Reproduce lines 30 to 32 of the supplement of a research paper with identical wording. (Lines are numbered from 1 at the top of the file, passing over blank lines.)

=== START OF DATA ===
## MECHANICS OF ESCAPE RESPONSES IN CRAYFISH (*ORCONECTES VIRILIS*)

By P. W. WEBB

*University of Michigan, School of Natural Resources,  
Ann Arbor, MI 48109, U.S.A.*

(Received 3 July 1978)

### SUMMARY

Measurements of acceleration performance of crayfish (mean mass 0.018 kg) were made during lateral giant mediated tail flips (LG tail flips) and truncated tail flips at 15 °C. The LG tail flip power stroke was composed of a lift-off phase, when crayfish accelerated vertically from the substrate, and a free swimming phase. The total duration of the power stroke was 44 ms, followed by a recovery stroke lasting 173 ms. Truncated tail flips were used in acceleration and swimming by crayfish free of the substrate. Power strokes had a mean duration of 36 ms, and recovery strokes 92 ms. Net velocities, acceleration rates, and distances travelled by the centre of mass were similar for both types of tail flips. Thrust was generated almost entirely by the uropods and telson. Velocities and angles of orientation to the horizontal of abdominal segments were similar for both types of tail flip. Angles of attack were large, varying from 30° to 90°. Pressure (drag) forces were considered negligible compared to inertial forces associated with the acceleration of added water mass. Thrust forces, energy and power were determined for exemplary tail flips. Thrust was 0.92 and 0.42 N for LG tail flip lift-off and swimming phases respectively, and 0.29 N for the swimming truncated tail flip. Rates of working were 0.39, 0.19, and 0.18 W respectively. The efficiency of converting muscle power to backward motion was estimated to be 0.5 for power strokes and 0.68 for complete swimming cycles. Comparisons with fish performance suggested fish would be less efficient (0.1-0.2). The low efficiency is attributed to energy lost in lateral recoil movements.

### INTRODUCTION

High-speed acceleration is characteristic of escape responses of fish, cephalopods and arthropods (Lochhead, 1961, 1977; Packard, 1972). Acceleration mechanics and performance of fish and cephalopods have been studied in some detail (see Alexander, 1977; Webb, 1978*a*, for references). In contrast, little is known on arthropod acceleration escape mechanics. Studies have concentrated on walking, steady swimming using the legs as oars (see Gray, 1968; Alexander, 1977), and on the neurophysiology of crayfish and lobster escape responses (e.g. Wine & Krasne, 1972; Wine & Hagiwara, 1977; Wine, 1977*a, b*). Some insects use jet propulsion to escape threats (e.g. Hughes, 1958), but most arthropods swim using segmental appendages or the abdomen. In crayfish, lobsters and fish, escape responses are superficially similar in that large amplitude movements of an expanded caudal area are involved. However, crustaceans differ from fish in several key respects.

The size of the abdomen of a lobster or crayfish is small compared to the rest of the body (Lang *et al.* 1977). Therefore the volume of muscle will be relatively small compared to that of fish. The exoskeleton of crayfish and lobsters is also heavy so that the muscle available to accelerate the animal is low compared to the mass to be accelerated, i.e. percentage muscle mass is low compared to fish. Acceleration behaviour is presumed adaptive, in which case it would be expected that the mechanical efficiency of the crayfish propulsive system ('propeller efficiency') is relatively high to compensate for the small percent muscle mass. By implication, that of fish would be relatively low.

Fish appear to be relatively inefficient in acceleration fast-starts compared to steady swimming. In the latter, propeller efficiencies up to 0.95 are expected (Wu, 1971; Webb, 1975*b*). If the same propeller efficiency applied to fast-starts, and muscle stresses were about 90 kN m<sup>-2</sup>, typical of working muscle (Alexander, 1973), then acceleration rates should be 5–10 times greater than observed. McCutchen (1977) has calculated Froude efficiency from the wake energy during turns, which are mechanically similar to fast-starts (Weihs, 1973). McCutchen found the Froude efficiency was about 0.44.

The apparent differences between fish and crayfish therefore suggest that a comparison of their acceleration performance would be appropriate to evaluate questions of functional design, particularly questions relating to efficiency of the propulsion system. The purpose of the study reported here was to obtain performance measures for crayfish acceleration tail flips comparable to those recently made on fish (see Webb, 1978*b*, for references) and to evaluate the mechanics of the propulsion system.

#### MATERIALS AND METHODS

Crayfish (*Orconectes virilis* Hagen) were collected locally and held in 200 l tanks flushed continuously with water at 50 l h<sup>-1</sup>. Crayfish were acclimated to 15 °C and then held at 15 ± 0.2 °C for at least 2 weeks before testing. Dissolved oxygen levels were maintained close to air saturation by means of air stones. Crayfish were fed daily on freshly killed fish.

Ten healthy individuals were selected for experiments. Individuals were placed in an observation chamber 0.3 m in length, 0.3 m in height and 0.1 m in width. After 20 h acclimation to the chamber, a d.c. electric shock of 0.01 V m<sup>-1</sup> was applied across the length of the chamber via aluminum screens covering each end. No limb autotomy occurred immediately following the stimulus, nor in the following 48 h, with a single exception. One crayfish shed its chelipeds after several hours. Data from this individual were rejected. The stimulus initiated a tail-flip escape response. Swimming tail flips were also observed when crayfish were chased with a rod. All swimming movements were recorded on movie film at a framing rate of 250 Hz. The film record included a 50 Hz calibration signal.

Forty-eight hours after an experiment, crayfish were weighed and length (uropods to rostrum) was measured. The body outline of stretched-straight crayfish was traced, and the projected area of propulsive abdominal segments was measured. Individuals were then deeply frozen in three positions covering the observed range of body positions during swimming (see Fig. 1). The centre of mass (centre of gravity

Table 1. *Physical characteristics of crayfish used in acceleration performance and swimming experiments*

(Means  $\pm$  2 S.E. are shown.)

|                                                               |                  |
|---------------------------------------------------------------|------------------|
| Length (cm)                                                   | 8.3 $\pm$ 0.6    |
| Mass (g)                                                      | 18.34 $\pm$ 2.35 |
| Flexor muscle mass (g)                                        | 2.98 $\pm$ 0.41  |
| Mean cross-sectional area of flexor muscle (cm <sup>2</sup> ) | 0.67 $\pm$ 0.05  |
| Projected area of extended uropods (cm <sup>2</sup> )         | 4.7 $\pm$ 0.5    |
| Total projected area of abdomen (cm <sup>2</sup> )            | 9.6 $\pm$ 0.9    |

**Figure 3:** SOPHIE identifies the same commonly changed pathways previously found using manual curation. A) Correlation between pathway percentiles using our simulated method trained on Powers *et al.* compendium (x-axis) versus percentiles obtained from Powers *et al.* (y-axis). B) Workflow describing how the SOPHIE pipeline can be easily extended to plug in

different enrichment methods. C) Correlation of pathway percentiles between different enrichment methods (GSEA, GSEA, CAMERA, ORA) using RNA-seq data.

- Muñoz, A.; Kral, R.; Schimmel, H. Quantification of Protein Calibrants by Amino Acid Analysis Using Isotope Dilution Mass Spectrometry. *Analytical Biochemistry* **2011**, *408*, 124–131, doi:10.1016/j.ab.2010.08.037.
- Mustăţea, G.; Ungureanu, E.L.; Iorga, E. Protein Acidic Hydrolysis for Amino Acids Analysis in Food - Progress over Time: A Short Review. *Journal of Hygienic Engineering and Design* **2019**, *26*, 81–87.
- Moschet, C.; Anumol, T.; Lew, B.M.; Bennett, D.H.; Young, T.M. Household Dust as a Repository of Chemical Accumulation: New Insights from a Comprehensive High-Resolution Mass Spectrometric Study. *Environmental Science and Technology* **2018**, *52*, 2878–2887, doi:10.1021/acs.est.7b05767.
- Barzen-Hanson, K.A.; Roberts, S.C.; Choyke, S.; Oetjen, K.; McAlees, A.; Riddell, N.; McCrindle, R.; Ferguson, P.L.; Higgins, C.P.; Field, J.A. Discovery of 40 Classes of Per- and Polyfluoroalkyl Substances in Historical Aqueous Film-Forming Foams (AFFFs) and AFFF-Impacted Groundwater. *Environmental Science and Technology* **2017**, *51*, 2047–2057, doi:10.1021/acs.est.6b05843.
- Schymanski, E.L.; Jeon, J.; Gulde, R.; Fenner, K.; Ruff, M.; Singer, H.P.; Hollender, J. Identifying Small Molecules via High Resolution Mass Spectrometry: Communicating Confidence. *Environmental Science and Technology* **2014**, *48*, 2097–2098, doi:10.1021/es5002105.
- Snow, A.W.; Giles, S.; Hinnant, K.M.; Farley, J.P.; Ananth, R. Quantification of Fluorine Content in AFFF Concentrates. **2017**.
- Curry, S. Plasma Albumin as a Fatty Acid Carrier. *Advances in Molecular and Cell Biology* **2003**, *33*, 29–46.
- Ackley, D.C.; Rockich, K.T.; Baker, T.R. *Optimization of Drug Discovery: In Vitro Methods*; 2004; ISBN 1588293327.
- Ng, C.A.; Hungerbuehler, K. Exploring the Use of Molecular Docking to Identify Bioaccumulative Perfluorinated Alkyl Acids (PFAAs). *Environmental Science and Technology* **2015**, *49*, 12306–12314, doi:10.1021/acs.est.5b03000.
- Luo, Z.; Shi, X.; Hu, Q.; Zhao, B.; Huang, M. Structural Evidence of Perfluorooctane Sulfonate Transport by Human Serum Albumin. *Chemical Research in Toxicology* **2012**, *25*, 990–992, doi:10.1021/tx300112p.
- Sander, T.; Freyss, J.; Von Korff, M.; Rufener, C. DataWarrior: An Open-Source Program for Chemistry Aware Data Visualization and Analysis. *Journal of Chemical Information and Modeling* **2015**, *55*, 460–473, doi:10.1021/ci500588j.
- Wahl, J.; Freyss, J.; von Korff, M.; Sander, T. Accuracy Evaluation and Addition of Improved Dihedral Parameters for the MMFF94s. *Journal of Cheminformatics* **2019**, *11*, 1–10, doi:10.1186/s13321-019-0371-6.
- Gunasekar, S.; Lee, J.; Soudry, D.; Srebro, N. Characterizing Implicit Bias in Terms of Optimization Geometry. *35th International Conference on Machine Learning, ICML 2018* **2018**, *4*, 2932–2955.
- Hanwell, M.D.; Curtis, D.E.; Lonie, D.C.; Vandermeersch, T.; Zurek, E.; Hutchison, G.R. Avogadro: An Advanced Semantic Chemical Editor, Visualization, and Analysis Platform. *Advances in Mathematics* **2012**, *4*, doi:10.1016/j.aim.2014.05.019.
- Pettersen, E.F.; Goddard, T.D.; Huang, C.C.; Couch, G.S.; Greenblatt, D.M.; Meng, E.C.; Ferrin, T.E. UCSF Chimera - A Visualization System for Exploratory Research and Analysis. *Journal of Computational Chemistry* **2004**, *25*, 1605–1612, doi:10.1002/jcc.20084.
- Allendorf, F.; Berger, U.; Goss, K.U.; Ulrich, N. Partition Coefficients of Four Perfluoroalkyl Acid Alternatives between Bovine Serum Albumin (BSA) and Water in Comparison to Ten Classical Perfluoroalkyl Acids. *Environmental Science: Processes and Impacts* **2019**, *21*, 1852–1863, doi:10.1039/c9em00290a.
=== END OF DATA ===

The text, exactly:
- Mustăţea, G.; Ungureanu, E.L.; Iorga, E. Protein Acidic Hydrolysis for Amino Acids Analysis in Food - Progress over Time: A Short Review. *Journal of Hygienic Engineering and Design* **2019**, *26*, 81–87.
- Moschet, C.; Anumol, T.; Lew, B.M.; Bennett, D.H.; Young, T.M. Household Dust as a Repository of Chemical Accumulation: New Insights from a Comprehensive High-Resolution Mass Spectrometric Study. *Environmental Science and Technology* **2018**, *52*, 2878–2887, doi:10.1021/acs.est.7b05767.
- Barzen-Hanson, K.A.; Roberts, S.C.; Choyke, S.; Oetjen, K.; McAlees, A.; Riddell, N.; McCrindle, R.; Ferguson, P.L.; Higgins, C.P.; Field, J.A. Discovery of 40 Classes of Per- and Polyfluoroalkyl Substances in Historical Aqueous Film-Forming Foams (AFFFs) and AFFF-Impacted Groundwater. *Environmental Science and Technology* **2017**, *51*, 2047–2057, doi:10.1021/acs.est.6b05843.